The American Feminist
Imagine that at age 15, you are married off to a man you do not know. Little more than a child yourself, you are expected to bear as many sons as your body can endure although the risk is high that you will die in the process. Your babies come so closely that many die of malnutrition. Other children die of diarrhea from drinking contaminated water. You are responsible for farming a small patch of land to support your family, but you do not own it and cannot use it as collateral for credit. Illiterate, you have few skills to build your income and a better life for yourself. These are the obstacles faced by millions of women in the developing world.With great fanfare, the United Nations convened the Conference on Population and Development this past September in Cairo. The U.N. holds such conferences every 10 years to build a world consensus on the role that population issues play in development, and to determine the best response.
While agreements reached are nonbinding, they are sometimes used to influence aid policies of wealthy nations and the public policies of developing nations.
For example, at the 1984 population conference, the United States announced the "Mexico City policy," which prohibited funding for foreign nongovernmental organizations, such as International Planned Parenthood Federation, that actively promoted abortion as a method of family planning in foreign countries. However, because this pronouncement was nonbinding, the Clinton administration overturned the "Mexico City policy" shortly after taking office.
Historically, the population debate tends to be one of extremes--those who believe that rapid population growth has little bearing on economic development versus those who believe it is the key constraint against development. This debate spilled over into previous population conferences in the form of opposition to family planning programs on the one side and support of establishment of ambitious target population growth rates on the other.
What was lost in the debate were the voices of our sisters in the developing world. What was not recognized was that there are strong linkages between fertility rates and other factors such as level of education, income, and child-survival rates. Therefore, women's groups throughout the world pushed for a new agenda at the 1994 conference that shifts the focus away from population control to a more holistic approach emphasizing the empowerment of women.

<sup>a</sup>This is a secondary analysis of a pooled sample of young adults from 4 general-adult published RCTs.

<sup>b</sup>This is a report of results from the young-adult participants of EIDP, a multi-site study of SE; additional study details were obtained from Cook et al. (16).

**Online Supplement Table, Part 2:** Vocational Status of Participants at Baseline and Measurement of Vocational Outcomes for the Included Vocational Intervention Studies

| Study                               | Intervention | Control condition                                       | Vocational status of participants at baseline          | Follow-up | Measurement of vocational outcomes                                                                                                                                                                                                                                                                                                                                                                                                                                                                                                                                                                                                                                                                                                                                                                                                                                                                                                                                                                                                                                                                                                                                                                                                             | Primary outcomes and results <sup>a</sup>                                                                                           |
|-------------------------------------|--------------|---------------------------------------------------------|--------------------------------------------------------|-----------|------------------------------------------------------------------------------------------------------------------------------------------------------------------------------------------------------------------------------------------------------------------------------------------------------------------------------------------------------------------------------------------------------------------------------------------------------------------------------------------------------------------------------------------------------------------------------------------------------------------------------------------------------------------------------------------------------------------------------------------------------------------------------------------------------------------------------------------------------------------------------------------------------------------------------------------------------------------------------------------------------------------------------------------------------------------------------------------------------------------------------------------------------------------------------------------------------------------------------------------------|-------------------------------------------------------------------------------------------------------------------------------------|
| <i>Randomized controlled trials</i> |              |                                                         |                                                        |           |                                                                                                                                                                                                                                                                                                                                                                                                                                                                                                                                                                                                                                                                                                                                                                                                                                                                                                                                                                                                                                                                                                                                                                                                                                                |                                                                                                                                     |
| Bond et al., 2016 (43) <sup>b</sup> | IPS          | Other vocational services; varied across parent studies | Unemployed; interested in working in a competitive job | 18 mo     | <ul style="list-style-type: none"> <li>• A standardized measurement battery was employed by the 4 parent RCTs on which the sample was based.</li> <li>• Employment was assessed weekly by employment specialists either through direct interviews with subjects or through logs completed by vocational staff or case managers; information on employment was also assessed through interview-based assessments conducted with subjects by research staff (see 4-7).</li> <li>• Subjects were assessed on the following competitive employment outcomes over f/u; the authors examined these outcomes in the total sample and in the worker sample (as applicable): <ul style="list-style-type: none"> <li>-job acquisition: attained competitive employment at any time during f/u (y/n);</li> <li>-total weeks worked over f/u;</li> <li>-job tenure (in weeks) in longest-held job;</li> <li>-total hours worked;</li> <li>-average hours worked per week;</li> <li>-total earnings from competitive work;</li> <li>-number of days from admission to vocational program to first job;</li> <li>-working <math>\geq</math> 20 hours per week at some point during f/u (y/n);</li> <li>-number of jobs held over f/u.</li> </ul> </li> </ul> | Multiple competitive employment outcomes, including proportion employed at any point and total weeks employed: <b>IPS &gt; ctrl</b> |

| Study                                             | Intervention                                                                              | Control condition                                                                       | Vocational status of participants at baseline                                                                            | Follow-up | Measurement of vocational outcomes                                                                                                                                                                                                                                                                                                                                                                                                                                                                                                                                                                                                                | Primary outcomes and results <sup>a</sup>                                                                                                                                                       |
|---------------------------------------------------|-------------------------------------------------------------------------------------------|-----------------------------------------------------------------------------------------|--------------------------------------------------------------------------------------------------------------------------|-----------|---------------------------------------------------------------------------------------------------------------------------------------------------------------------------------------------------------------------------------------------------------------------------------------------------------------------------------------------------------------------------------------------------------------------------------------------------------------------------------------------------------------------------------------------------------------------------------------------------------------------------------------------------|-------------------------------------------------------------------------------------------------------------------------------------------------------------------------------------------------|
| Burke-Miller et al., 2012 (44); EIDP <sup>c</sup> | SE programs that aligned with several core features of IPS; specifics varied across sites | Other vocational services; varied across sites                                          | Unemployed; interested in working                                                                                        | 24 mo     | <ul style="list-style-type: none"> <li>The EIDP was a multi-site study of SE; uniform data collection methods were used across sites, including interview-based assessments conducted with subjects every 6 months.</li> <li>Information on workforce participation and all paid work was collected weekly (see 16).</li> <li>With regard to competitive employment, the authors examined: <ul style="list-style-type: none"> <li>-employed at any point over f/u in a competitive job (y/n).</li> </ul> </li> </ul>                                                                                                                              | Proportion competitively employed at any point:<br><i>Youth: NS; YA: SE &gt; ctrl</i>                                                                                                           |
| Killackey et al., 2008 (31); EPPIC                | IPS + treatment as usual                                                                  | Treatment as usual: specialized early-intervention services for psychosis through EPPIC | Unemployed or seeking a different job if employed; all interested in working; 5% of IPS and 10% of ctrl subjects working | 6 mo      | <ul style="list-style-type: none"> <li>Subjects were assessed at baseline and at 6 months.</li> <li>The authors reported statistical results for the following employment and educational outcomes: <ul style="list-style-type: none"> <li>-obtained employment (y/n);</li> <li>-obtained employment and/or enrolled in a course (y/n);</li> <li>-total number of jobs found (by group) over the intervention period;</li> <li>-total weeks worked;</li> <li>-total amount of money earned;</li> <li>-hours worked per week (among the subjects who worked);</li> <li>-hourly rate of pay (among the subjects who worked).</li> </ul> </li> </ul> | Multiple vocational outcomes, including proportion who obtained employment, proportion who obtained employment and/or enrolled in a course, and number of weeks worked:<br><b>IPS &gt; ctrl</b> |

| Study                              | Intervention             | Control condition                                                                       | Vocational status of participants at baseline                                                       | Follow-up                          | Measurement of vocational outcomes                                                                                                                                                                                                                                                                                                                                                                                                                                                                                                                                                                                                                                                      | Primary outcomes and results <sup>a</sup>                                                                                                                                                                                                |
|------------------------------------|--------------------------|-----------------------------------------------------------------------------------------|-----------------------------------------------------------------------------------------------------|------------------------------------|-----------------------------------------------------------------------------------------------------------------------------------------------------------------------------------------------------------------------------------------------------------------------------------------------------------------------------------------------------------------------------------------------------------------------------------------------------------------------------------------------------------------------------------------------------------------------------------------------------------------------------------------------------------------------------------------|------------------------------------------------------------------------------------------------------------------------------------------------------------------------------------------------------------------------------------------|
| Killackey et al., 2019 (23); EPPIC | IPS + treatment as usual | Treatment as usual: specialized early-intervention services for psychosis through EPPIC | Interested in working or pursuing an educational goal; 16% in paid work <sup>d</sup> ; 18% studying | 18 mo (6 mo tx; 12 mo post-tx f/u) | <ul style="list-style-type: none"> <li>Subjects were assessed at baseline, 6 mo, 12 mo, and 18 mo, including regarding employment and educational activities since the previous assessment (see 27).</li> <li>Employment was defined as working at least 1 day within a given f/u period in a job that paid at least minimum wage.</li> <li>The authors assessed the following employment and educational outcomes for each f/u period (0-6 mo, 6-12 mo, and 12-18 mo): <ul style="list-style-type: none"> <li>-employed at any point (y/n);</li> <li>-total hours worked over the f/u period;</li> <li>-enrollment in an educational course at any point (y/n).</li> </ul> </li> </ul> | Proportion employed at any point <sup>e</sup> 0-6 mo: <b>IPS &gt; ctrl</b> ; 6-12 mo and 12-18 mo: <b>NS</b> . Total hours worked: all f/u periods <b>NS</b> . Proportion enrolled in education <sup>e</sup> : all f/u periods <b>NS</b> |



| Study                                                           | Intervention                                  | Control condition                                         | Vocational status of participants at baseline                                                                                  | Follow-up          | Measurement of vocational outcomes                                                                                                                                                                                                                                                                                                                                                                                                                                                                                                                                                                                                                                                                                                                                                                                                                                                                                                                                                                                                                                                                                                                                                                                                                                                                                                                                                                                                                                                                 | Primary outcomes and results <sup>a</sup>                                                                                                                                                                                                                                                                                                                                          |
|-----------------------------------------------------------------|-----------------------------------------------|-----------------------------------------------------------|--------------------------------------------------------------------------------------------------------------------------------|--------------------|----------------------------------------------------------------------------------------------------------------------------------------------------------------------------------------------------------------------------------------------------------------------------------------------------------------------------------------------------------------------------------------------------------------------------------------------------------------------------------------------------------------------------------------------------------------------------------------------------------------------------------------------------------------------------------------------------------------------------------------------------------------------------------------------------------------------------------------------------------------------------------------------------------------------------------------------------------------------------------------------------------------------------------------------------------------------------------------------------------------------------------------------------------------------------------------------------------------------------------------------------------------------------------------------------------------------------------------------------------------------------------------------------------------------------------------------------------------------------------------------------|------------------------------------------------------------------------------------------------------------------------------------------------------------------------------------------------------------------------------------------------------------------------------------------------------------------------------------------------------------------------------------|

Pakistani Prime Minister Benazir Bhutto, one of only two women to address the conference, promoted this approach when she said that the most effective way to tackle population growth was "by tackling infant mortality, by providing villages with electrification, by raising an army of women...to educate our mothers, sisters, daughters in child welfare and population control, by setting up a bank run by women for women, to help women achieve economic independence, and to have the wherewithal to make independent choices."
But this positive shift was overshadowed by the abortion issue. Sadly, a number of world leaders, including our own, still have much to learn about the real needs of women. The Clinton administration wished to include in the agreement "access to safe abortion" under the guise of reproductive health services and used statistics of illegal abortions as justification. But this use of statistics misses the point: abortion is a reflection of the problems that women face, not the solution.
Prime Minister Bhutto again challenged the participants: "I dream...of a world, where we can commit our social resources to the development of human life and not to its destruction."
She warned conference participants that "this conference must not be viewed by the teeming masses of the world as a universal social charter seeking to impose adultery, abortion...and other such matters on individuals, societies and religions which have their own social ethos."
Pro-life forces were able to mitigate some of the effects of this push to include abortion. As a result of the protestations of a number of participants (not just the Vatican, as media reports seemed to indicate), a compromise was reached that stated that abortion is not a method of family planning and limits the safe access criteria to nations that already have legal abortions. While this is an oxymoron, it eases the pressure on the majority of nations that do not have extreme abortion laws to revise these laws in order to receive aid from wealthy nations.
So what are the implications of this conference on U.S. policy?
Currently, U.S. foreign economic assistance legislation prohibits abortions and coercive family planning programs and ensures that family-planning programs supported by U.S. funds must cover a range of options, both natural and artificial, that have been approved for use in the U.S.
In its overhaul of this legislation, known as the "Peace, Prosperity and Democracy Act (PPDA)," the administration has dropped the exclusion against abortion funding (except coercion). If this legislation passes as is, your taxes, in theory, could be used to fund sex- selection abortions in India.
Therefore, we must not become complacent about the threat that abortion still poses to the true empowerment of women.
It is our responsibility as pro-life feminists to see that the voices of our sisters in the developing world are not lost.J.M. Hoffman
Reprinted from The American Feminist, Fall 1994